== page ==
July 2, 2003: A moment with...

Terry McCloskey ’03

Photo: denise applewhite

Terry McCloskey ’03 came to Princeton as a freshman in 1972, but two years later, unmotivated by school and yearning for a different experience, he began a six-year trek through Europe, Africa, and the U.S. In 1980, he settled in Belize, where he helped carve the village of St. Margaret from the jungle, built a farm, married, and had two sons. McCloskey returned to Princeton three years ago to finish his degree, taking jobs on the grounds crew and with Dining Services to support his family. He is now headed to a Ph.D. program in geography and anthropology at Louisiana State University. He spoke with PAW’s Argelio Dumenigo about his journey.

What was life like for you in Belize?

Simple. I lived in a thatched house, and my transport was a bicycle and a horse cart, or on horseback. I spent every day with a hoe or an ax or a shovel doing physical labor. We cooked on wood for 15 years until we finally got a gas stove. We would get water from the creek. When I got my own piece of land, it was three miles off a walking trail. I’d sometimes go a week without seeing anybody.

What made you want to come back to the U.S.?

My children’s education. My oldest son, Oaky (he’s named for the tree), was seven and had gone through two years of school. We in the village organized to build the school. It was just a little cinderblock building with a zinc roof. In Oaky’s last year, there were 52 kids in his class. They had one teacher with high school training who didn’t have enough money to buy chalk sometimes. She’d go to the board and write, “Fat rat sat on the mat.” The kids would copy it down in their notebooks, and she’d check their work one by one. He wasn’t learning anything.

But why return to Princeton after so many years?

I thought, I enjoyed it the first time, I know they’ve got a lot of money; maybe they would give me a scholarship. But even when I got on the plane in Belize, I didn’t know I was going to be coming back. My brother [Douglas McCloskey ’78] was doing all the dealings; there weren’t any phones in the village at that time. When I found out they had readmitted me and I was going to get some sort of aid, I decided to come back. Otherwise, I just would have found a job someplace.

How have things at Princeton changed since you were here last?

There are more buildings, but basically everything is the same. I think the percentage of prep-school kids has probably dropped. There is a huge difference in demographics. I don’t really hang out with students in general, but I find that the diversity is more genetic, or physical, than mental. A lot of people may have come from a different country or they’re different racially, but I don’t really see much diversity in terms of thoughts or approaches to a lot of things.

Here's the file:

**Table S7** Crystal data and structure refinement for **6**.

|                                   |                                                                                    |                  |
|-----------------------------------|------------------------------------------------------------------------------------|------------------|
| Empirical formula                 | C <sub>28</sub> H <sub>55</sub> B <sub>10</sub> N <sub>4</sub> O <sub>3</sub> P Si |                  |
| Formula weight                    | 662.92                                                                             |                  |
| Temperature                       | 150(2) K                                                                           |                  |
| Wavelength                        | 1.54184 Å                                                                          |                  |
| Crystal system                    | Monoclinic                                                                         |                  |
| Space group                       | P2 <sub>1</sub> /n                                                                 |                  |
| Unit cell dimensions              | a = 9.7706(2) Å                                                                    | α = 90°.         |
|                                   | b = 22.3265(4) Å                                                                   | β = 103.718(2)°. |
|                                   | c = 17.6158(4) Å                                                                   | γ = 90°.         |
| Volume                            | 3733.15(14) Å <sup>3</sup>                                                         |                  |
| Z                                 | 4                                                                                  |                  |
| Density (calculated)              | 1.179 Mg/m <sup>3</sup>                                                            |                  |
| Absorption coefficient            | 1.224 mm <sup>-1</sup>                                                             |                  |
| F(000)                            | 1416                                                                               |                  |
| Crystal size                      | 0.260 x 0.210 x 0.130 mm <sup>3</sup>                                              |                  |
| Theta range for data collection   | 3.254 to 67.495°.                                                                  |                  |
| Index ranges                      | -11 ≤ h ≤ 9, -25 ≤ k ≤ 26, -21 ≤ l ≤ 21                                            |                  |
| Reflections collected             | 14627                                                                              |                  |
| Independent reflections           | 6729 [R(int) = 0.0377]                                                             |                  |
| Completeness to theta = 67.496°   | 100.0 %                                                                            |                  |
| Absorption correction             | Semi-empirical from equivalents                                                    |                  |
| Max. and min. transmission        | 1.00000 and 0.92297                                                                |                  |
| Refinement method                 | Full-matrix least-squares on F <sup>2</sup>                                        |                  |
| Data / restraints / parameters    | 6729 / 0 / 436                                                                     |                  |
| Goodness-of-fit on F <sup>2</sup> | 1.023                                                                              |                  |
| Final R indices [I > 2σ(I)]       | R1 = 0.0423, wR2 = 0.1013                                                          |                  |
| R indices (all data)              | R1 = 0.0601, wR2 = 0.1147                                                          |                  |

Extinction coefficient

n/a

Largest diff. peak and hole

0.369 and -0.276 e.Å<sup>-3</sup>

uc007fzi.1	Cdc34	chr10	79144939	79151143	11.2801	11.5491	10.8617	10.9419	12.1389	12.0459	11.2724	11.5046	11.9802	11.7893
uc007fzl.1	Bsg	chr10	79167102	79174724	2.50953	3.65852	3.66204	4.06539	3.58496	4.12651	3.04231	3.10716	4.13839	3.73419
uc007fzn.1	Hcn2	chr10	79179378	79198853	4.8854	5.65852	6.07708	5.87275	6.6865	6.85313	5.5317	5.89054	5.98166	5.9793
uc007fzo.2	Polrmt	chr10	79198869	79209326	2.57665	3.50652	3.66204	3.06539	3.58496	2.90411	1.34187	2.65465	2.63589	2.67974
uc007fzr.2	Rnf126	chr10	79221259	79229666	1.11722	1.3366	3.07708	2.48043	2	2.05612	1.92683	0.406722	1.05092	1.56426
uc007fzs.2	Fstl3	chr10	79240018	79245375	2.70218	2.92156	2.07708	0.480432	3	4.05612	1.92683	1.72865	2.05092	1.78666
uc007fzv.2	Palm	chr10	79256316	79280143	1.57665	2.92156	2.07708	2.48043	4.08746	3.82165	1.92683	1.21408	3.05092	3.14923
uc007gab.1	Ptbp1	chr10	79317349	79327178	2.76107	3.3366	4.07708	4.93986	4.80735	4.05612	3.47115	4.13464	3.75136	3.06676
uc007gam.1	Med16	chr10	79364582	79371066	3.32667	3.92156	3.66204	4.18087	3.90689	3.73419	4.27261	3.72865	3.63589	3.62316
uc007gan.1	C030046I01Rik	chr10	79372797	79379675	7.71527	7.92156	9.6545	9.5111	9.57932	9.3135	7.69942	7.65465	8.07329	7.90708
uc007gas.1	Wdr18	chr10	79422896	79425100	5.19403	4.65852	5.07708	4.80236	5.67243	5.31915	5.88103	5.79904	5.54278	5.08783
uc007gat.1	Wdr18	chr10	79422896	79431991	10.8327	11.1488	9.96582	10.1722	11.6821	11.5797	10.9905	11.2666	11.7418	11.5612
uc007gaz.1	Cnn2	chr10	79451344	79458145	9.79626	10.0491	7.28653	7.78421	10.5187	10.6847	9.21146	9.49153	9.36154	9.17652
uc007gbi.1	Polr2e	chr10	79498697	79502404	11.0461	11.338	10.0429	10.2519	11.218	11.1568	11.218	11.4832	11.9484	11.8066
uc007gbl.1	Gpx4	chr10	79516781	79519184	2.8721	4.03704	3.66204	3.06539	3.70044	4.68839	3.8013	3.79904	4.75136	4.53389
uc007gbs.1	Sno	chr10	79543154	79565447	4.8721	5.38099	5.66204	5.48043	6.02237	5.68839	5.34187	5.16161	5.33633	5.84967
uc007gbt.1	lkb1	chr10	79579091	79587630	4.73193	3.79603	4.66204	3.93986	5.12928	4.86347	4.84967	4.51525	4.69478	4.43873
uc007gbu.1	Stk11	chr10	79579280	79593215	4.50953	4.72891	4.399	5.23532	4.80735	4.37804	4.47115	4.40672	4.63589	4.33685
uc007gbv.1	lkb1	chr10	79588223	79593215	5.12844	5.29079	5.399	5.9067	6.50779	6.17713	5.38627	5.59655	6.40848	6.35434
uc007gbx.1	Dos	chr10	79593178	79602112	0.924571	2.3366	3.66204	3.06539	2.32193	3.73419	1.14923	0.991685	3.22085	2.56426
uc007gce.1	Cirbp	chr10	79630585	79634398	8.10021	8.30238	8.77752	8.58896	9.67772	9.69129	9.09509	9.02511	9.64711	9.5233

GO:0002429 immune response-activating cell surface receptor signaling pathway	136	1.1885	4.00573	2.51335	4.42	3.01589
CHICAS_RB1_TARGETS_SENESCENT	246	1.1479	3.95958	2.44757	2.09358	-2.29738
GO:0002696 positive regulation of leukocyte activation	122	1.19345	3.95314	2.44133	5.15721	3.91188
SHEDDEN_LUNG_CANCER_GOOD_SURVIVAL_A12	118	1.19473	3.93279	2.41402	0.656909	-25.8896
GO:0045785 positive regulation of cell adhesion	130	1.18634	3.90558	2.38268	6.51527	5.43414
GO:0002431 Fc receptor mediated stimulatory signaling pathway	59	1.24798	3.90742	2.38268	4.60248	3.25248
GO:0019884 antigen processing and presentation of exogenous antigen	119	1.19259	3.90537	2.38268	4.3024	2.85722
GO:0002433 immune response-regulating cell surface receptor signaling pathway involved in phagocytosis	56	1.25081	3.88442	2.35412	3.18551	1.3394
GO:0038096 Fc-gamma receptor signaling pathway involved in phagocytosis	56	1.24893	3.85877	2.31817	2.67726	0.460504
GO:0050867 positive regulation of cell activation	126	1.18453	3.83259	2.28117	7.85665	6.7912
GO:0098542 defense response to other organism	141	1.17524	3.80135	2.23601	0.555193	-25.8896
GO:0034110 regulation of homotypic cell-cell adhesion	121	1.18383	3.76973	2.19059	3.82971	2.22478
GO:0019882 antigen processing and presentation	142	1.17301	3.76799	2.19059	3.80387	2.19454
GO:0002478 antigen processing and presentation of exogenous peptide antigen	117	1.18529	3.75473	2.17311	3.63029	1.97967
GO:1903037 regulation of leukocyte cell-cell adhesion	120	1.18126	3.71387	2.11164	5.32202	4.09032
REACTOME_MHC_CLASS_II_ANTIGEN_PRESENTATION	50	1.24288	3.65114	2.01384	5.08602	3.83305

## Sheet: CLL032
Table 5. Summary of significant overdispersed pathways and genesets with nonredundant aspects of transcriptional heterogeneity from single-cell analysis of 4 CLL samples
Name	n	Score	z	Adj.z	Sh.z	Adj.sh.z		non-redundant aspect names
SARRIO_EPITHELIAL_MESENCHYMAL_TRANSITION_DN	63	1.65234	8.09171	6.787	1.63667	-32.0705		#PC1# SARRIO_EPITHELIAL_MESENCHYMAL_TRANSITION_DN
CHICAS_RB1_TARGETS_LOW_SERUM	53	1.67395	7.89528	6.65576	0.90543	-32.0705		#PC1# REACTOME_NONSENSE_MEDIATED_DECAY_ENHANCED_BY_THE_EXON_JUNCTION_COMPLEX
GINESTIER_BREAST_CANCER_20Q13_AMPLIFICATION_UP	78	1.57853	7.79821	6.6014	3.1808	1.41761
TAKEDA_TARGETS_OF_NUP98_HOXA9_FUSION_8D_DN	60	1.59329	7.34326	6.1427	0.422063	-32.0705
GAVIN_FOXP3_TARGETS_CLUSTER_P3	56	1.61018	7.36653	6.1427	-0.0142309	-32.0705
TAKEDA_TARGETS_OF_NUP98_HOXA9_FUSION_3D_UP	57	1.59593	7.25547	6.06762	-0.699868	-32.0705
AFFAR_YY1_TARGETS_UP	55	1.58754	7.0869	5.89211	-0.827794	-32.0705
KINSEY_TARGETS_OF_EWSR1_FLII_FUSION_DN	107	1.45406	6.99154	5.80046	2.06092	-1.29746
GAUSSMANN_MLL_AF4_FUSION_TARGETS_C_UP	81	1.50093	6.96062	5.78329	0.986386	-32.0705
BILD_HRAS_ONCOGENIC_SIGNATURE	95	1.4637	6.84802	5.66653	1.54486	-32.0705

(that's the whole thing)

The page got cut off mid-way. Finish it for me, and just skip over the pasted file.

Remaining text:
How difficult was it to be a student again?

It was hard. I don’t think the academic standards were as tough in the 1970s as they are now. I had difficulty with calculus and chemistry, especially, because I had never studied them before and because of being old. Chemistry was a killer, but I think it was the same for many students in the class.

The thing that really has changed is technology – computers. I had never even used a calculator before. When you hand in work now, it’s perfect. Back then, we typed everything, and we probably used carbon paper. You would take out a line, and you didn’t retype all 27 pages. You would scratch out the line and would hand it in like that, or you’d retype that one page and you’d have a gap at the bottom. It was tough to use my e-mail at first, too. Attaching and opening attachments was really hard for me in the beginning. I also hated doing any research on the Web at first. Before, you had to go to the library and actually find the journal to get journal articles. Now you use a search engine and find the author or the magazine, and you print it right out.

Having a family meant a lot of extra time commitments. The toughest part by far was no longer having any free time, and working to other people’s schedules. I got very little sleep the last three years and have not spent the time I would have liked with my children. Also, in Belize we would spend hours visiting with friends and talking. Here you only get an inkling of what anyone else is thinking or what someone’s life consists of.

What’s your favorite memory from your first time at Princeton?

I really enjoyed it. Not for the academics. In general, I had no interest in studying. I enjoyed talking to all the different people. I changed my views about a lot of stuff. Princeton’s intellectually stimulating whether you go to class or not, you know.



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